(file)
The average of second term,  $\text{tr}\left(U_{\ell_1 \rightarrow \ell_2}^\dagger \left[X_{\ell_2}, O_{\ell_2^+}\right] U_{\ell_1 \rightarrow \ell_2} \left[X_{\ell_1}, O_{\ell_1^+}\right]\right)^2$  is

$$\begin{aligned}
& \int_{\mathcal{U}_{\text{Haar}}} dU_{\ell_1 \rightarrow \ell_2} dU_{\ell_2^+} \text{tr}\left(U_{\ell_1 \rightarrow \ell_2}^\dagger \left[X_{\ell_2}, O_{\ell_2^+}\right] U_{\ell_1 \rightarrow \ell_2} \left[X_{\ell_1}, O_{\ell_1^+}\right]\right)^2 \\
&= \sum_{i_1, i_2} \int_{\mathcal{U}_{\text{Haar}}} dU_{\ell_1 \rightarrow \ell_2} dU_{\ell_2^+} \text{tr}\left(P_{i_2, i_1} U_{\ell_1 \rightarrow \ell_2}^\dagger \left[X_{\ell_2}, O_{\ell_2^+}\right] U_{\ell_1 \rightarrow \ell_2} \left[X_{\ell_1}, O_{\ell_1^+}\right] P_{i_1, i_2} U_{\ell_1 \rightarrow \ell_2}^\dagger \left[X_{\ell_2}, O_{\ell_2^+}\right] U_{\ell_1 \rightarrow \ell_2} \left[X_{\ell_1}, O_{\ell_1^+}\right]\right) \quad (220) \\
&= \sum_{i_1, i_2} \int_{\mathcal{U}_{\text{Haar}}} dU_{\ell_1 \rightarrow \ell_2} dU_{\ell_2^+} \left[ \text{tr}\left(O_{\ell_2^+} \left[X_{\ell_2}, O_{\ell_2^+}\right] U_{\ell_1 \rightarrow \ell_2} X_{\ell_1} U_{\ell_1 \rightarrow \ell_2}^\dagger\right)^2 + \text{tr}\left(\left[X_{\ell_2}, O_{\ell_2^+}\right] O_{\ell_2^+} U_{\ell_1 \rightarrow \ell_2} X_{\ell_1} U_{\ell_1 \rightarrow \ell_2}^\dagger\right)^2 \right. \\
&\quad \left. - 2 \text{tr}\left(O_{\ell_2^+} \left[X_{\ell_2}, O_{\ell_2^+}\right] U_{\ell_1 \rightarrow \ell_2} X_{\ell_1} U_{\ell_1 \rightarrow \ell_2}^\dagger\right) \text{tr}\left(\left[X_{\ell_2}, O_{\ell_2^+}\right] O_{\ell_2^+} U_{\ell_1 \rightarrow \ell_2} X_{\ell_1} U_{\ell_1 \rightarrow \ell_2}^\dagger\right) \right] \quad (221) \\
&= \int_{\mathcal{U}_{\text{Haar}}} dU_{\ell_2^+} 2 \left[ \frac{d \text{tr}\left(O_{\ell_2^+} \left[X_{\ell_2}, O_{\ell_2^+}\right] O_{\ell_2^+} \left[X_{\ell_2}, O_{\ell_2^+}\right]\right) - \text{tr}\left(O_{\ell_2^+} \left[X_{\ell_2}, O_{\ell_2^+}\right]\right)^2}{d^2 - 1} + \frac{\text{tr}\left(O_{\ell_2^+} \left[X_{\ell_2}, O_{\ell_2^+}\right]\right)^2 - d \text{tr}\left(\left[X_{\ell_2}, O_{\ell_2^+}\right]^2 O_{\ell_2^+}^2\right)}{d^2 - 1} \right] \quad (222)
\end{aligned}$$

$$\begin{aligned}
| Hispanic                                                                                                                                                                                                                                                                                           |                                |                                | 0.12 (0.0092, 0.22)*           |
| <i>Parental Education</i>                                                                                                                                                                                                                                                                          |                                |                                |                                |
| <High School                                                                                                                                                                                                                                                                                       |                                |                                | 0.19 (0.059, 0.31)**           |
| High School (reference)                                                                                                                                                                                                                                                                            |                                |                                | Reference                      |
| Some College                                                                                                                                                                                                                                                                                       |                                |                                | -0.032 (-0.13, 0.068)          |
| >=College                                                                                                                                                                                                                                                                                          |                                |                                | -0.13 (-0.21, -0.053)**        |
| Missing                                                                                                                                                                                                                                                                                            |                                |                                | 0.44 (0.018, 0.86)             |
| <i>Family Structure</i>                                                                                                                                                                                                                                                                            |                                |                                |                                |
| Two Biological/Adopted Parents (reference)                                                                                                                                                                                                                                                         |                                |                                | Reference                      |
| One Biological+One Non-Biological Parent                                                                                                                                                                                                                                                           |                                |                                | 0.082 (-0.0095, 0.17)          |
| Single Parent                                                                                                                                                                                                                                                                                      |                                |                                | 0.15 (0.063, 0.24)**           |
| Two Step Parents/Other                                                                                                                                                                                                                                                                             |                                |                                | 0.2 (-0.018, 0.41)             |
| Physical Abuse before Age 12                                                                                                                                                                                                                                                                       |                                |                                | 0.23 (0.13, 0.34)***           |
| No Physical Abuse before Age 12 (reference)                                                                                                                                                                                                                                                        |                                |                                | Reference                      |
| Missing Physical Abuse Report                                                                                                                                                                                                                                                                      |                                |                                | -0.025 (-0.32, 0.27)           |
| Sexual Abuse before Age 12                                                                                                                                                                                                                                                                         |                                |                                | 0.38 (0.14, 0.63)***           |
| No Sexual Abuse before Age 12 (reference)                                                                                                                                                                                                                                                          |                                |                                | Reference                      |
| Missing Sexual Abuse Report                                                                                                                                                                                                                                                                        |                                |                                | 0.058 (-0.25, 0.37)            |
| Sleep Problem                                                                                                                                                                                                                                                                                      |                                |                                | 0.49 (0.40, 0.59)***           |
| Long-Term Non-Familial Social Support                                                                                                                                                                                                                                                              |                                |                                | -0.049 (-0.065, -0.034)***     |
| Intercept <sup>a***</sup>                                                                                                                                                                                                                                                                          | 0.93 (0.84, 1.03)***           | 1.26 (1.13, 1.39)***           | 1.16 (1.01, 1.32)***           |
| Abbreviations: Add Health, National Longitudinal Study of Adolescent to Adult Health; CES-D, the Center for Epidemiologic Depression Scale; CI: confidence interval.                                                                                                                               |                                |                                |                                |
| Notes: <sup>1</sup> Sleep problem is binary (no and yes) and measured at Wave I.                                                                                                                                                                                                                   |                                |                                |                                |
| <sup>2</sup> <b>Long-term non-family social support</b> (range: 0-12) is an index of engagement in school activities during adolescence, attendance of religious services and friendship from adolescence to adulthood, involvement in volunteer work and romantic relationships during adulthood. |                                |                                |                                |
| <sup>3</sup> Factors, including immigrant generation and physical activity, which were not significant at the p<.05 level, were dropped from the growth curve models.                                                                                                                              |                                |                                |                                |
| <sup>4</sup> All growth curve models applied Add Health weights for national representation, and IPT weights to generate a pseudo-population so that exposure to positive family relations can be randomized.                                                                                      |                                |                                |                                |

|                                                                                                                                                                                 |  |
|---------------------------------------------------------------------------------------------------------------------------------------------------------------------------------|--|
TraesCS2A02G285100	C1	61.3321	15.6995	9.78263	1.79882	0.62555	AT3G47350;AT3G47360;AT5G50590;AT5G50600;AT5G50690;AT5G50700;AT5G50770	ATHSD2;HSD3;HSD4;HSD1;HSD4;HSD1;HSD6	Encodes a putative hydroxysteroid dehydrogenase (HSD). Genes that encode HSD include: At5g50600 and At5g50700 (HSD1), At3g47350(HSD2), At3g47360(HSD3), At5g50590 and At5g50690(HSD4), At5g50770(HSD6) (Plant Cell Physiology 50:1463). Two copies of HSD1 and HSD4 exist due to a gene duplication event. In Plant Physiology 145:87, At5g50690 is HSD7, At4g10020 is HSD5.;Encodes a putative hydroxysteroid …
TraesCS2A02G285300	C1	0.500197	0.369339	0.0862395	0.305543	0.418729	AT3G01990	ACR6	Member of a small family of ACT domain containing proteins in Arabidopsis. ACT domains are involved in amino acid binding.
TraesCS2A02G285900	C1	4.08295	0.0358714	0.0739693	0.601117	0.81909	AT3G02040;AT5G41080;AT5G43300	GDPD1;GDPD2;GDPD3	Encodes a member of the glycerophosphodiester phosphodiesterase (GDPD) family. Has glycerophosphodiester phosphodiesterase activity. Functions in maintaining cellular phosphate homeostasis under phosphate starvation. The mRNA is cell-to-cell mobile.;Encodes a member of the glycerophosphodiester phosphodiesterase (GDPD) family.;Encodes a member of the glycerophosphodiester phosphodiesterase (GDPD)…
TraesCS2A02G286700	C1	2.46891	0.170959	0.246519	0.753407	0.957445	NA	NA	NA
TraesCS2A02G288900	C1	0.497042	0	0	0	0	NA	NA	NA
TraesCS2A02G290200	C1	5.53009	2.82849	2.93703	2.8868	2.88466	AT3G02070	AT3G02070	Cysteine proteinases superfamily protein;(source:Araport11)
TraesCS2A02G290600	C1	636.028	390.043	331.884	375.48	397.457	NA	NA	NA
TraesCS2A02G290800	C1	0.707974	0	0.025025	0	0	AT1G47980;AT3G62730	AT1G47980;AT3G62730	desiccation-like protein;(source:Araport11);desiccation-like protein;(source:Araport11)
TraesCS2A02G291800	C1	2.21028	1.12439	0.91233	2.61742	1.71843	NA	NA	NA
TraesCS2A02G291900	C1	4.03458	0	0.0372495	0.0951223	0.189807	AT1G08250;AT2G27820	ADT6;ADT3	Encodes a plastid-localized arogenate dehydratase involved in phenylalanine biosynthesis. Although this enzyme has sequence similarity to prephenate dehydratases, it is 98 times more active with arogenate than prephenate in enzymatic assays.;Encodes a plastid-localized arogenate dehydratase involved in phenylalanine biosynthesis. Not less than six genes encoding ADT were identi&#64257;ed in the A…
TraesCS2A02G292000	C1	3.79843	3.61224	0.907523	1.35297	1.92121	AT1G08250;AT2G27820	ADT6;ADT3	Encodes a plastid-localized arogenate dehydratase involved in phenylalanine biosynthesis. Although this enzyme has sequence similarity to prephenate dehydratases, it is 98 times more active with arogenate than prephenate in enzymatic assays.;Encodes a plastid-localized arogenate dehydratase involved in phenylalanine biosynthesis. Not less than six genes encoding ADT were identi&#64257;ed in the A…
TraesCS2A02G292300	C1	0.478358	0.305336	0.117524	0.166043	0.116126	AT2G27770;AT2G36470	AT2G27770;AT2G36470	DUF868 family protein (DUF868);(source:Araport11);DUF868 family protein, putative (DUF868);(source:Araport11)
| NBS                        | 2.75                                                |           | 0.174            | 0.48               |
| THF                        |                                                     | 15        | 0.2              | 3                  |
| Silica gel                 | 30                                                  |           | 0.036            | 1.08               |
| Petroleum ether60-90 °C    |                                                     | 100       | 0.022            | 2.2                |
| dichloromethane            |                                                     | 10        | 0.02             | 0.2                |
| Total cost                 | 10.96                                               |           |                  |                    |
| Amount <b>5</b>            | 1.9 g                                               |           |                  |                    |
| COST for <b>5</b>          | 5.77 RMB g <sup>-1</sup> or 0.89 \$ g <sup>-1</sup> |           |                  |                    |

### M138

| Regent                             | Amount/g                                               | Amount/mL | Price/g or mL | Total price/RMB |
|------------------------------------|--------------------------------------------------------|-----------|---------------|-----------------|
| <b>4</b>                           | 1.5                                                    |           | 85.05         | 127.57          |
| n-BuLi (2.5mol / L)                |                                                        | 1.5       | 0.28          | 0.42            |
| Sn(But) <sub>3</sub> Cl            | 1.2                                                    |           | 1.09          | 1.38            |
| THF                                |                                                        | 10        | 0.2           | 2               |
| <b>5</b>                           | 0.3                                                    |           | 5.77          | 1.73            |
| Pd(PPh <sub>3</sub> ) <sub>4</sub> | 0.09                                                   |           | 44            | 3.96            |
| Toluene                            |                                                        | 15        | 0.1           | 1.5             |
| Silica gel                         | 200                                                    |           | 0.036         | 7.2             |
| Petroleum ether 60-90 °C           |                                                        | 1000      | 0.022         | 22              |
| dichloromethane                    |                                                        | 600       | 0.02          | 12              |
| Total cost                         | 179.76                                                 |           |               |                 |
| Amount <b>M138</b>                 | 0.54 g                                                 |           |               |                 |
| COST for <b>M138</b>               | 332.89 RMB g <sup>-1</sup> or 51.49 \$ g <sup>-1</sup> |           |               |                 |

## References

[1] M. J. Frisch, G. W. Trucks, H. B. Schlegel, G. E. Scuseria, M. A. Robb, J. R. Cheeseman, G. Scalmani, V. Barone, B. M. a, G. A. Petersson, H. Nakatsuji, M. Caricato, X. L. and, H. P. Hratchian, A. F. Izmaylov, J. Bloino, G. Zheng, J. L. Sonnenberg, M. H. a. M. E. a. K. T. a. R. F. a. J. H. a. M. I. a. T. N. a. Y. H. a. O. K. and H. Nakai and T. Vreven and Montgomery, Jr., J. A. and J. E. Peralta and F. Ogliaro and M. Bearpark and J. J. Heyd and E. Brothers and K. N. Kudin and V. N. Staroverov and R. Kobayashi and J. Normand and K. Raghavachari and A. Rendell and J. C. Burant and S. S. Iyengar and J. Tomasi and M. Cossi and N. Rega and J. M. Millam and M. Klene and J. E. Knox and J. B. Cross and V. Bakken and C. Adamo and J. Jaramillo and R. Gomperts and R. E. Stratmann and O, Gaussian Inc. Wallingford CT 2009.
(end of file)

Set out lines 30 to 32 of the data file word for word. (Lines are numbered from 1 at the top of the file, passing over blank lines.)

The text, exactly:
| Intercept <sup>a***</sup>                                                                                                                                                                                                                                                                          | 0.93 (0.84, 1.03)***           | 1.26 (1.13, 1.39)***           | 1.16 (1.01, 1.32)***           |
| Abbreviations: Add Health, National Longitudinal Study of Adolescent to Adult Health; CES-D, the Center for Epidemiologic Depression Scale; CI: confidence interval.                                                                                                                               |                                |                                |                                |
| Notes: <sup>1</sup> Sleep problem is binary (no and yes) and measured at Wave I.                                                                                                                                                                                                                   |                                |                                |                                |